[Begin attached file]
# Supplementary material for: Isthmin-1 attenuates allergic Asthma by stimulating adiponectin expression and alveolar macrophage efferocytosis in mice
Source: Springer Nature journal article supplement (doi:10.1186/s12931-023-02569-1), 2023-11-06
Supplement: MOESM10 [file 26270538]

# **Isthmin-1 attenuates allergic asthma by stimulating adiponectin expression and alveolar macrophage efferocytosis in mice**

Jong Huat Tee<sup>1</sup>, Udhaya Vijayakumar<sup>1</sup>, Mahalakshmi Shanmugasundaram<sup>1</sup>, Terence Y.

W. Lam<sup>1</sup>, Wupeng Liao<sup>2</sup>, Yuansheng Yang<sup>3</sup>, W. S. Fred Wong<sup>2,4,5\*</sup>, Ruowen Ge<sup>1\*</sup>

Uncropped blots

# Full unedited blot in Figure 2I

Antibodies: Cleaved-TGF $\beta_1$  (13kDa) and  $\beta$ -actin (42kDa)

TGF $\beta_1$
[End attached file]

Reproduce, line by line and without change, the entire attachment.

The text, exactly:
# Supplementary material for: Isthmin-1 attenuates allergic Asthma by stimulating adiponectin expression and alveolar macrophage efferocytosis in mice
Source: Springer Nature journal article supplement (doi:10.1186/s12931-023-02569-1), 2023-11-06
Supplement: MOESM10 [file 26270538]

# **Isthmin-1 attenuates allergic asthma by stimulating adiponectin expression and alveolar macrophage efferocytosis in mice**

Jong Huat Tee<sup>1</sup>, Udhaya Vijayakumar<sup>1</sup>, Mahalakshmi Shanmugasundaram<sup>1</sup>, Terence Y.

W. Lam<sup>1</sup>, Wupeng Liao<sup>2</sup>, Yuansheng Yang<sup>3</sup>, W. S. Fred Wong<sup>2,4,5\*</sup>, Ruowen Ge<sup>1\*</sup>

Uncropped blots

# Full unedited blot in Figure 2I

Antibodies: Cleaved-TGF $\beta_1$  (13kDa) and  $\beta$ -actin (42kDa)

TGF $\beta_1$